With the nonchalance of the neophyte, Sadleir had stumbled upon one of the missing Northanger novels whose very existence had been disparaged by the formidable critic, George Saintsbury. “I should indeed like some better authority than Miss Isabella Thorpe’s to assure me of their existence,”8 Saintsbury had erroneously pontificated. Sadleir was now demonically driven to locate and own the remaining six “Northanger Gothics”: The Mysterious Warning and The Castle of Wolfenbach, Clermont by Regina Maria Roche; The Midnight Bell by Francis Lathom; The Necromancer; or, The Tale of the Black Forest translated from the German by Lawrence Flammenberg and the Gothic which would challenge Sadleir’s endurance as a collector, Eleanor’s Sleath’s The Orphan of the Rhine. As Sadleir pursued these ephemeral titles throughout the 1920s, the infrastructure of what was to become the collection began to assume a definite shape. The only hindrance to locating and purchasing first editions of major Gothics such as The Mysteries of Udolpho, The Castle of Otranto, and The Monk was their cost. The works of Walpole, Radcliffe, and Lewis were obtainable but prohibitively expensive as were the two teenage Gothics by Shelley, Zastrozzi and St. Irvyne; or, The Rosicrucian, which Sadleir craved and located but could not afford. But since nobody, neither antiquarian booksellers nor literary scholars, wanted the minor Gothics, Sadleir was able to spot and purchase such effluvia very cheaply because he and he alone could recognize the gold amidst the dross. At a Sothebys auction in 1923 which featured the dispersion of the Syston Park Library, Sadleir went early, stayed late, and at the jaded conclusion of the proceedings purchased several cases marked “contents unknown.” Again, as with his beginner’s luck at Bumpus’s bookshop, he acquired an additional cache of forgotten fiction, much of it pure or high Gothic. Sadleir recalls: “When I got the books home and sorted them up, I found that my Gothic collection had ceased to be an aspiration and become a reality. No title of current market importance was in the bundles, but there were a large number of genuine minor Gothics of the kind most difficult to locate,”9 including another Northanger title, Francis Lathom’s The Midnight Bell.
During the mid-1920s, Sadleir also wrote some of the first serious criticism of the Gothic novel, thus opening the way for the questings of such figures as Montague Summers.10 In November 1927 he published the important monograph, The Northanger Novels: A Footnote to Jane Austen for the English Association. By then this tenacious Gothophile had recovered six of the septet and was able to append a timely postscript when The Orphan of the Rhine fortuitously fell into his hands. Sadleir’s view of Gothicism, its rise, its nationwide reign of terror, and its collapse and disappearance in the late 1820s became the critical basis for the renaissance in Gothic studies which began in the 1950s. Based partially on his familiarity with the form through zealous collecting, Sadleir theorized that the Gothic novel expressed “an eloquent disequilibrium of the spirit,” “the triumph of chaos over order,” “a fierce reaction against exhausted classicism which lay like a tired blight upon the civilization of western Europe.” The Gothic’s array of collapsing structures and magnificent devastation rendered it a singular example of subversive and negative Romanticism. “For qualities it had, and good historical and psychological justification also. The Gothic romance was not by any means a mere crazy extravagance. Like most artistic movements, it had its primitive incompetence and its over-ripe elaboration; but it sprang from a genuine spiritual impulse, and during its period of florescence produced work of real and permanent beauty.”11 In 1927, these opinions were the rankest heresy; in 1957, the year in which Devendra P. Varma’s Gothic Flame 12 appeared, these same words had become doctrine. Thus, Sadleir became one of the first defenders and proponents of Gothic studies and the collection that was to bear his name is a confirmation that the Gothic could no longer be ignored or dismissed by cultural, intellectual, and literary historians.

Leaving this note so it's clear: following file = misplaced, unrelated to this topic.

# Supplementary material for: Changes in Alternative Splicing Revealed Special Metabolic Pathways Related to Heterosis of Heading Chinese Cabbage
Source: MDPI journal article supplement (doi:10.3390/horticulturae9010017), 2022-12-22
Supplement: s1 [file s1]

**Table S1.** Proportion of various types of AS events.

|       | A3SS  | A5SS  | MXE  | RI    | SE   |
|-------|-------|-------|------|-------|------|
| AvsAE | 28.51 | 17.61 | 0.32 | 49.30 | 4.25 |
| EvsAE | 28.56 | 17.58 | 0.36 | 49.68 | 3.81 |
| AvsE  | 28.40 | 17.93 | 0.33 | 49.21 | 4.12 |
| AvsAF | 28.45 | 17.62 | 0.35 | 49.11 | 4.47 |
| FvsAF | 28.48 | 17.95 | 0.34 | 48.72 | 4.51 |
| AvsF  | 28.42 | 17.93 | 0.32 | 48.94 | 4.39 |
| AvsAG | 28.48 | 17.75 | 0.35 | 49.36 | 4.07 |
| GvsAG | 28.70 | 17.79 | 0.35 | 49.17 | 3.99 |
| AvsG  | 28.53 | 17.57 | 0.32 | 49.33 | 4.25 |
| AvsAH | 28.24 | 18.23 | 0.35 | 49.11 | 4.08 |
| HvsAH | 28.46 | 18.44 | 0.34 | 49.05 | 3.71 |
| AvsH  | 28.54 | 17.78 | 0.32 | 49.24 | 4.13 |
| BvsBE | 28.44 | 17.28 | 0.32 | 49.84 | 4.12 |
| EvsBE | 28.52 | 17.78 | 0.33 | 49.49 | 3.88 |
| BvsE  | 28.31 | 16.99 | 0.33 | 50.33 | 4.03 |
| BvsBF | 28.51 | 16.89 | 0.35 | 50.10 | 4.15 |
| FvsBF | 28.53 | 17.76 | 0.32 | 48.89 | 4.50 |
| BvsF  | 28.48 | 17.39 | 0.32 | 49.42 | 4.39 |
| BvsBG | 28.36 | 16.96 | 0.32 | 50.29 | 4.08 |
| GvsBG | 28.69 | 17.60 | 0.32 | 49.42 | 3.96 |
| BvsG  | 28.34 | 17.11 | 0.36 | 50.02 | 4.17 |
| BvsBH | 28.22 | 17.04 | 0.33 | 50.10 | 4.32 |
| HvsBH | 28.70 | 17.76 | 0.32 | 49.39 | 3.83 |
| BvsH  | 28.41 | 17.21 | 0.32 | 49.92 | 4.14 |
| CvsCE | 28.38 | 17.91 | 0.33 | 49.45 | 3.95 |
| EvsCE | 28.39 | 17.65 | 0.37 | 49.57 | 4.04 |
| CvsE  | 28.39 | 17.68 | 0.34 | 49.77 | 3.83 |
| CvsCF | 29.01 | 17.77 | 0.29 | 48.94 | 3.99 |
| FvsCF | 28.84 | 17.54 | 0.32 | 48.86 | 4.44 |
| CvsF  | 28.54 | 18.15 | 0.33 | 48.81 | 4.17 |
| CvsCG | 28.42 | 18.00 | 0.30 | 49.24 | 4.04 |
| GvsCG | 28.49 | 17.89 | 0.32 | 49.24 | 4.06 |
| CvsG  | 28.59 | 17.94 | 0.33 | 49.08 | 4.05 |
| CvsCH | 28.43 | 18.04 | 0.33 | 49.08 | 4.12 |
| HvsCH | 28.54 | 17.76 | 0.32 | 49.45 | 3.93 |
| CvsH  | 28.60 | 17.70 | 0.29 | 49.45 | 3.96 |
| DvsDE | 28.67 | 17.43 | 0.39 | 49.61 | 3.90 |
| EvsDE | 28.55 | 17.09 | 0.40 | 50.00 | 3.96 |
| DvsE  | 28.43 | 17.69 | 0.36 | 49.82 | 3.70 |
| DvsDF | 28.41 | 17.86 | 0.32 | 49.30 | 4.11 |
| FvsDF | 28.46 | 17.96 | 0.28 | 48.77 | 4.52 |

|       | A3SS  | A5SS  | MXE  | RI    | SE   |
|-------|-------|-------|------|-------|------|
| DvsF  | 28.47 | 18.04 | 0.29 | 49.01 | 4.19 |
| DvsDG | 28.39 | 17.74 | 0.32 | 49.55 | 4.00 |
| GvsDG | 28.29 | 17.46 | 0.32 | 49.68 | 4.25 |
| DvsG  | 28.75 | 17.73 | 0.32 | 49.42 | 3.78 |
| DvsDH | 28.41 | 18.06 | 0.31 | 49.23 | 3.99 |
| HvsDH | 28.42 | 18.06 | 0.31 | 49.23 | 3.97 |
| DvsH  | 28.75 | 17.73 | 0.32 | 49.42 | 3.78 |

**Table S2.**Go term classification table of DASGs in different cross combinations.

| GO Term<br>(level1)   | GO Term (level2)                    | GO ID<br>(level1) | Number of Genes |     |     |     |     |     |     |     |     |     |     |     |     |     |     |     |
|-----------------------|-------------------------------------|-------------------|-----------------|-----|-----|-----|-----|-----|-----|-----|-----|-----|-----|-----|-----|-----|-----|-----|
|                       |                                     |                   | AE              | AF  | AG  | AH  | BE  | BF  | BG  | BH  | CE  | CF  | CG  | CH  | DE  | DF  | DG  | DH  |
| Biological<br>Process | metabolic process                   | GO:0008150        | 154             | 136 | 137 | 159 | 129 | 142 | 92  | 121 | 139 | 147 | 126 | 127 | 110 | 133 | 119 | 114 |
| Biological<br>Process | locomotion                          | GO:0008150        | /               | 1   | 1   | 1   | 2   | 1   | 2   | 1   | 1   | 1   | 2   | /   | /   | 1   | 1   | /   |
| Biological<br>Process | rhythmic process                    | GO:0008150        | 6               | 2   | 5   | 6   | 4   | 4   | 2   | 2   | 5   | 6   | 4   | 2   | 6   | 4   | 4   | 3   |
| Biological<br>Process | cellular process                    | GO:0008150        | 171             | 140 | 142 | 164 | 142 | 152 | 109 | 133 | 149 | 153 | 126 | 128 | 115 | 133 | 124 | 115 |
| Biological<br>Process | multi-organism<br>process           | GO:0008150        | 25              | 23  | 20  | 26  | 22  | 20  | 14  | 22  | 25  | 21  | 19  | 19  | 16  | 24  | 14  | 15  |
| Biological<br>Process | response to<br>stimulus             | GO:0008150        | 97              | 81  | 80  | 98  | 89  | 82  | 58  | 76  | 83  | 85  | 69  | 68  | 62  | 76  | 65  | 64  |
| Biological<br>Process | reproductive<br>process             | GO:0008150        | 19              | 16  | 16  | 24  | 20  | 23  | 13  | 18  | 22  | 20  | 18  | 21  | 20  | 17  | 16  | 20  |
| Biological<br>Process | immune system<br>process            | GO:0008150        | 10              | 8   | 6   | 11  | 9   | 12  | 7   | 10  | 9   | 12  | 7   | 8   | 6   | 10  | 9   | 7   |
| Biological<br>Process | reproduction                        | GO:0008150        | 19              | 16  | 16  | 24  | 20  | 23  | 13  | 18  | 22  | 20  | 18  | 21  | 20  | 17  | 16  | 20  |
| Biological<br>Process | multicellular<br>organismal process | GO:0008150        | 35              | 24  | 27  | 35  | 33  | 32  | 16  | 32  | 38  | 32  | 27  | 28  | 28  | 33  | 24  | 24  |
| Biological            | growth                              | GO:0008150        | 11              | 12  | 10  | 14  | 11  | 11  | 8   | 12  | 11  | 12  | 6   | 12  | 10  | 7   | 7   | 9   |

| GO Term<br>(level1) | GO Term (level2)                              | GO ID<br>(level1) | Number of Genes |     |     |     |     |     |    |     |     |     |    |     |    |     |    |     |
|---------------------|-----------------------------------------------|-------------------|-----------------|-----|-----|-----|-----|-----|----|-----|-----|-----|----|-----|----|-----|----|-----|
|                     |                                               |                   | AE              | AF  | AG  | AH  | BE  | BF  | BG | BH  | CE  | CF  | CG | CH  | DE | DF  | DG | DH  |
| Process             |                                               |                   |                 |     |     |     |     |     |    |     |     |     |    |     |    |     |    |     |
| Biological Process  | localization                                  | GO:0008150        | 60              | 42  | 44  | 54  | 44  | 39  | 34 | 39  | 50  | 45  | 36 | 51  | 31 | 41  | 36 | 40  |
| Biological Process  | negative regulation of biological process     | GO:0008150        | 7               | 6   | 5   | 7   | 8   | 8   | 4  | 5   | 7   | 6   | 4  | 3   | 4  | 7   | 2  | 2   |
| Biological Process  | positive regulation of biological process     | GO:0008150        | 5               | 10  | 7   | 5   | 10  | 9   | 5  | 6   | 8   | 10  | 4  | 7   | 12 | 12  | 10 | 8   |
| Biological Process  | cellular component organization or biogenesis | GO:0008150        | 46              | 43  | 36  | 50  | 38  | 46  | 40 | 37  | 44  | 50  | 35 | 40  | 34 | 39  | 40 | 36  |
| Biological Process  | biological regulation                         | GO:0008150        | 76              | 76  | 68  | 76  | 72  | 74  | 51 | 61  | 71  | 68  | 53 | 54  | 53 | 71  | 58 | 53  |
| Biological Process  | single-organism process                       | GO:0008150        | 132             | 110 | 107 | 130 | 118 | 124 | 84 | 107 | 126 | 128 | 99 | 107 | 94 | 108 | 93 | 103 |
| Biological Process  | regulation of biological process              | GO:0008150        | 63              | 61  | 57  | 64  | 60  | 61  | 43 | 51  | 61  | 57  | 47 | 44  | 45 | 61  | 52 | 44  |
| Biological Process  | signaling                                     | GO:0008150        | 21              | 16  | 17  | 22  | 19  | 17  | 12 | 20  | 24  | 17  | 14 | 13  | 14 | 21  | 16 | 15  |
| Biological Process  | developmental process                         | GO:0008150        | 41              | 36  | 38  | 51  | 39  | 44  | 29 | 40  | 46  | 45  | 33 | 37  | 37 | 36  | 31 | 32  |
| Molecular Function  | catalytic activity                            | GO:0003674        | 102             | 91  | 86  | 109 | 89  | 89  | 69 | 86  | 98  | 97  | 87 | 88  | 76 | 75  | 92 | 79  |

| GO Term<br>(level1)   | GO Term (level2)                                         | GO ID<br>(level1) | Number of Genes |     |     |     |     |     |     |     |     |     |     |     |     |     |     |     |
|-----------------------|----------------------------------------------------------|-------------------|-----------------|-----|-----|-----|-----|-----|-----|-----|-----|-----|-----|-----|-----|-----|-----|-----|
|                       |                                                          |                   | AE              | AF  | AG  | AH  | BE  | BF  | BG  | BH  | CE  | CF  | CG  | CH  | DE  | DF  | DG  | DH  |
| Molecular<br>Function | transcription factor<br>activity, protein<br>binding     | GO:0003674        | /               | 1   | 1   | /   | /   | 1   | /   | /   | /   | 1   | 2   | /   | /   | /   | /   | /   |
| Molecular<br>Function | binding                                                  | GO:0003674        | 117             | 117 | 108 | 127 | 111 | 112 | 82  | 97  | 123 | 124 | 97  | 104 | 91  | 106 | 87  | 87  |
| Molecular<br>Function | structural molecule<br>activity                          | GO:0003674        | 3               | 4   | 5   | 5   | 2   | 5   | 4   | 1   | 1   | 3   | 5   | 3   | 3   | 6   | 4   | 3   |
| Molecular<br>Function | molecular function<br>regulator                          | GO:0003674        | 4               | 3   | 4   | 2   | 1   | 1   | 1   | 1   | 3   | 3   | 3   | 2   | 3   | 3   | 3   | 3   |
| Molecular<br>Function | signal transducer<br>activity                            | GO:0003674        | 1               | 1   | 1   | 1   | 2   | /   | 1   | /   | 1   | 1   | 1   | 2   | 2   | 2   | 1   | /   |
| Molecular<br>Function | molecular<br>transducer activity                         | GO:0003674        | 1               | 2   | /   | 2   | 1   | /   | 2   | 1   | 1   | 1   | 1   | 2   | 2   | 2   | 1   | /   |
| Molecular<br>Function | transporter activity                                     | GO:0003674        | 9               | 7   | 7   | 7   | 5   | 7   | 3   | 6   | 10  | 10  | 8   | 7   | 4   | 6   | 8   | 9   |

If the vital core of the Sadleir-Black Gothic collection is the Northanger seven, its key years are 1923 and 1927. In 1927, Sadleir’s Northanger monograph aroused new curiosity and even a modicum of respect in scholarly circles for Gothic fiction. By 1927, the last of the lost Gothics, The Orphan of the Rhine, had found a home and patron in Sadleir’s collection. Previously, in 1923, Sadleir’s Gothic quest for the Northanger titles and the enlargement of his Gothic collection gained impetus by way of a chance friendship with Arthur Hutchinson, clubman of the Omar Khayyam Club, conversationalist, raconteur, amateur collector and litterateur, editor of the Windsor Magazine and ceaseless scavenger of old books of any and every sort. Like Sadleir, Hutchinson was a bibliomaniac, but his bibliomania, unlike Sadleir’s, took the peculiar form of undirected and undisciplined book accumulation. Hutchinson foraged for books not caring what he found so long as they were old novels and so long as he possessed them in vast quantities. Driven by his gluttony for books as material items, Hutchinson had the acquisitive spirit of the true collector, but lacked literary inquisitiveness. It was the spines, wrappers, covers, and boards of his books which gratified Hutchinson more than their contents which he seldom examined. This Dickensian character who might have been a reincarnated resident of Mr. Brogley’s cluttered pawnshop in Dombey and Son, this “queer” and “omnivorous” collector whose “lust for fiction was uncontrolled either by selective design or problems of space”13 as Sadleir himself described his friend, bought up batches of novels on a daily basis, placing his random buys in packing crates stuffed with other miscellaneous items including railroad timetables and back numbers of periodicals on every subject imaginable. Hutchinson filled box after box until at the time of his death in 1927 this old novel maniac had amassed a bizarre literary estate of 140 packing cases, an enthusiast’s primal hodgepodge. Somewhere in the depths of the Hutchinson “library”–to use the term very loosely–somewhere within these crates of unsorted books lay the disarranged corpus of what would become the Sadleir-Black Gothic collection. Here too was the Gothic gold mine, but its wealth would not yield itself easily. When Sadleir was named executor of the Hutchinson library upon Hutchinson’s death in August 1927, he could only ponder “what a tremendous and in some ways macabre task had been laid upon me.”14 Sadleir describes his first viewing of the entire Hutchinson library in a scene suggestive of a Gothic victim’s helpless awe during a spectral encounter or facing a premature burial.